Chinese boycotts of Japanese products
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Boycotts of Japanese products have been conducted by numerous Chinese civilian and governmental organisations, always in response to real or perceived Japanese aggression, whether military, political or economic.
The first boycott of Japanese products in China was started 1915 as a result of public indignation at the Twenty-One Demands which Japan forced China to accept. In 1919, the students and intellectuals involved in the May Fourth Movement called for another boycott of Japanese products, to which the public responded enthusiastically. Local chambers of commerce decided to sever economic ties with Japan, workers refused to work in Japanese-funded factories, consumers refused to buy Japanese goods, and students mobilised to punish those found selling, buying or using Japanese products.
These boycotts also affected Japan's anti-prostitution policy. In the late 19th and early 20th centuries, Japanese prostitutes, often called karayuki-san, went to various destinations in China and in other Asian countries with large Overseas Chinese communities. The boycotts caused the collapse of many Japanese businesses in Southeast Asia; the Japanese government took a variety of measures to ameliorate the situation, including quiet promotion of prostitution. However, after the crisis passed, the Japanese government resumed its earlier efforts towards suppressing overseas migration of prostitutes.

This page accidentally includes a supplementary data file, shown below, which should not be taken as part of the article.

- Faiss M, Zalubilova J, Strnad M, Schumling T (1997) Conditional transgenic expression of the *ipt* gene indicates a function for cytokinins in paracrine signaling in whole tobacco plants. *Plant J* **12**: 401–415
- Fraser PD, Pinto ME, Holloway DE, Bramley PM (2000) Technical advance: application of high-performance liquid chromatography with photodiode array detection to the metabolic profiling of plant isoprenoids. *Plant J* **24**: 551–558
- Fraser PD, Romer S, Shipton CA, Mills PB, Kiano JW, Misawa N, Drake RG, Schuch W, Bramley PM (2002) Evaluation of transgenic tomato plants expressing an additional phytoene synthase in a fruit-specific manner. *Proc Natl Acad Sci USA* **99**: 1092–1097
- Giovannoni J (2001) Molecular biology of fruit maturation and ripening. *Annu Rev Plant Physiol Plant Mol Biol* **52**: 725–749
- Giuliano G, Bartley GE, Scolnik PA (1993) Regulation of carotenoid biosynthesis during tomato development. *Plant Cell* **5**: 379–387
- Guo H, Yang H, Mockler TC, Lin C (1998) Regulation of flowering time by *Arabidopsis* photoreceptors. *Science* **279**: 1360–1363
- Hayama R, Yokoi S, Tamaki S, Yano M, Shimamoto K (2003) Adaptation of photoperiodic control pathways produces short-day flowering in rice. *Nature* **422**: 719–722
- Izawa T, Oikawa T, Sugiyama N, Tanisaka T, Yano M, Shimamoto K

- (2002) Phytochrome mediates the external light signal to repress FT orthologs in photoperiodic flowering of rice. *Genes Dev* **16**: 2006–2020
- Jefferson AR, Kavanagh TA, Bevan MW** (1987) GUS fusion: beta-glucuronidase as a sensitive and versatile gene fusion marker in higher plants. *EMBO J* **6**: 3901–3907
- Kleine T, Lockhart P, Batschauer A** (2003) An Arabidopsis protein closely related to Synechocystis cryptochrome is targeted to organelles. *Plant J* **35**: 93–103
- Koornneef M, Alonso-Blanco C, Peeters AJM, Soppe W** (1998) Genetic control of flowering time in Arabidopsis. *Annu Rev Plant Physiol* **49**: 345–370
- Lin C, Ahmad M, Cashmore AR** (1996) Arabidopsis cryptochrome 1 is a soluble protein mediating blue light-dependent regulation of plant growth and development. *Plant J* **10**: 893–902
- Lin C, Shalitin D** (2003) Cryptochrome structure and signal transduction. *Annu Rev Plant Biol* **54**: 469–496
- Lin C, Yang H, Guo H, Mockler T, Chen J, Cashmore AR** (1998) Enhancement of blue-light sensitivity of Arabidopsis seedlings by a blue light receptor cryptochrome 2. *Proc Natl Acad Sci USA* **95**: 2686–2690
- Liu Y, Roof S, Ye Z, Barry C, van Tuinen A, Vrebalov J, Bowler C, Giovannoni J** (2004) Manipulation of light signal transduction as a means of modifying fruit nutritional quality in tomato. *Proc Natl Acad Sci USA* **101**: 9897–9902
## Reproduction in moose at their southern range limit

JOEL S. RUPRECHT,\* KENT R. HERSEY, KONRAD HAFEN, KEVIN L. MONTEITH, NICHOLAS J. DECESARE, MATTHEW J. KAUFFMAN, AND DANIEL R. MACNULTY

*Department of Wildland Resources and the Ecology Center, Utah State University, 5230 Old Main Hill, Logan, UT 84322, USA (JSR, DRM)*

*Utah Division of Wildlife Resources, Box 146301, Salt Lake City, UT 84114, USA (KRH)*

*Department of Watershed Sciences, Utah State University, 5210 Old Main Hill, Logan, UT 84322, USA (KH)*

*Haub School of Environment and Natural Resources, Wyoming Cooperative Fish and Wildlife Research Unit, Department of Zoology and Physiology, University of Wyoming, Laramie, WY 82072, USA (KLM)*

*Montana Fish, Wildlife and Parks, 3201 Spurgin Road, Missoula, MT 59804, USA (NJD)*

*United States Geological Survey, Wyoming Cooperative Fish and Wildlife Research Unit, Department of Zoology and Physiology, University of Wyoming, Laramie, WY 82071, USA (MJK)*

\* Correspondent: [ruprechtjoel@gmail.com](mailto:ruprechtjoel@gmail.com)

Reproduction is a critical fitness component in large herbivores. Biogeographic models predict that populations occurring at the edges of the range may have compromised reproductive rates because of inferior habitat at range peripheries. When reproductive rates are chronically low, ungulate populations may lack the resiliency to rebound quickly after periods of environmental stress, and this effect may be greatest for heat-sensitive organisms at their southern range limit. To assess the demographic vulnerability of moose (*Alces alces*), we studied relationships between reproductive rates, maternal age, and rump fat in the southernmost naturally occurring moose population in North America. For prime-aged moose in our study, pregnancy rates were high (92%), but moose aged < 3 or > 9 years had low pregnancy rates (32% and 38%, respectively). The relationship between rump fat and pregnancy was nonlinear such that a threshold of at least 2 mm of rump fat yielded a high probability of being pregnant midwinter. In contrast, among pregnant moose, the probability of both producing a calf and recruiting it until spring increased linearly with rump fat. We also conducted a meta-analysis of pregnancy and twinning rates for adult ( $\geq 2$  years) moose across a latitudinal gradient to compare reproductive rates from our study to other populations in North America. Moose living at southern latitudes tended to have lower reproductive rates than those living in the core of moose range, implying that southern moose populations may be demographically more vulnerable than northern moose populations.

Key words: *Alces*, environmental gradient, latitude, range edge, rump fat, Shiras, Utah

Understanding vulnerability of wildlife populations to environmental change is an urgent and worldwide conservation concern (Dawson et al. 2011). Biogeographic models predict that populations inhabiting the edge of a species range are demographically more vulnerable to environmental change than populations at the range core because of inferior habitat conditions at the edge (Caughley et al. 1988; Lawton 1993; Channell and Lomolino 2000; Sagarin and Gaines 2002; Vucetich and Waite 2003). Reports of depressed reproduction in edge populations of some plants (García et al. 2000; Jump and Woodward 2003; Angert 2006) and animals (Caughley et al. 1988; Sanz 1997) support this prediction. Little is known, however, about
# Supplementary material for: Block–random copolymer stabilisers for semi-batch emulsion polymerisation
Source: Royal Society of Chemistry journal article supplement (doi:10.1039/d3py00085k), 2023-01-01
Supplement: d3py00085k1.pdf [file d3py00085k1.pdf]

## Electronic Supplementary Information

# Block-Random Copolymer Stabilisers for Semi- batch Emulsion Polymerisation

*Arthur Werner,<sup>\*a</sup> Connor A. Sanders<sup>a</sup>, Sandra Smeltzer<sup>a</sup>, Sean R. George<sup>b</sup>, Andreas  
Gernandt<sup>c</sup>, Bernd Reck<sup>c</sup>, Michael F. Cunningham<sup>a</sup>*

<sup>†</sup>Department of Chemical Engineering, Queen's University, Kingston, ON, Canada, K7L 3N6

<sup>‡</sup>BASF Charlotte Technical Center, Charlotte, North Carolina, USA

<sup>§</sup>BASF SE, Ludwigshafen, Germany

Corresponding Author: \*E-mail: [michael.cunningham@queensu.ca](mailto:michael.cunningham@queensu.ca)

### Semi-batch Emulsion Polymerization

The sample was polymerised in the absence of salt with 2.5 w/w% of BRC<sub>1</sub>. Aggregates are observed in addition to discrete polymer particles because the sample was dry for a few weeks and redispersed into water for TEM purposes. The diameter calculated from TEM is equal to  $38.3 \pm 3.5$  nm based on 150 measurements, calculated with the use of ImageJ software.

The Jinan Incident of 1928 prompted a new boycott, this time the KMT government mobilised the population to cease economic dealings with Japan. From then on, anti-Japanese protests in China would always be accompanied with boycotts of Japanese products.
After World War II, the Chinese community, upset over various issues such as the sovereignty of Senkaku Islands, the Japanese history textbook controversies and Japanese leaders' visits to Yasukuni Shrine, would launch boycotts of Japanese products. Republic of China citizens started a boycott in September 1972 to protest Japan's diplomatic recognition of the People's Republic of China, and twice burned Japanese products in front of the Taipei City Hall, coincidentally of Japanese construction.
In 2005 a new wave of boycotts were started in mainland China, concurrent with the anti-Japanese demonstrations in major Chinese cities at the time. However, this boycott was at best a fringe attempt, and was denounced by the mainstream population, citing that China was integrated into the world economy and a boycott of one of China's biggest trading partners would cause as much harm to China as it would to Japan. Most people were more concerned over their standards of living than redressing old grievances. The Chinese Ministry of Foreign Relations gave a similar view: That "Sino-Japanese economic cooperation developed significantly over the past decade and brought real benefits to the people of both nations. We do not wish for economic issues to be politicised." As with the anti-Japanese demonstrations, these activists began organising boycotts using the internet and mobile phones.
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- James Francis Warren (2003). Ah Ku and Karayuki-san: Prostitution in Singapore, 1870-1940. Singapore Series, Singapore: studies in society & history (illustrated ed.). NUS Press. p. 86. ISBN 9971692678.
- Tomoko Yamazaki; Karen F. Colligan-Taylor (2015). Sandakan Brothel No.8: Journey Into the History of Lower-class Japanese Women. Translated by Karen F. Colligan-Taylor. Routledge. p. 191. ISBN 1317460251.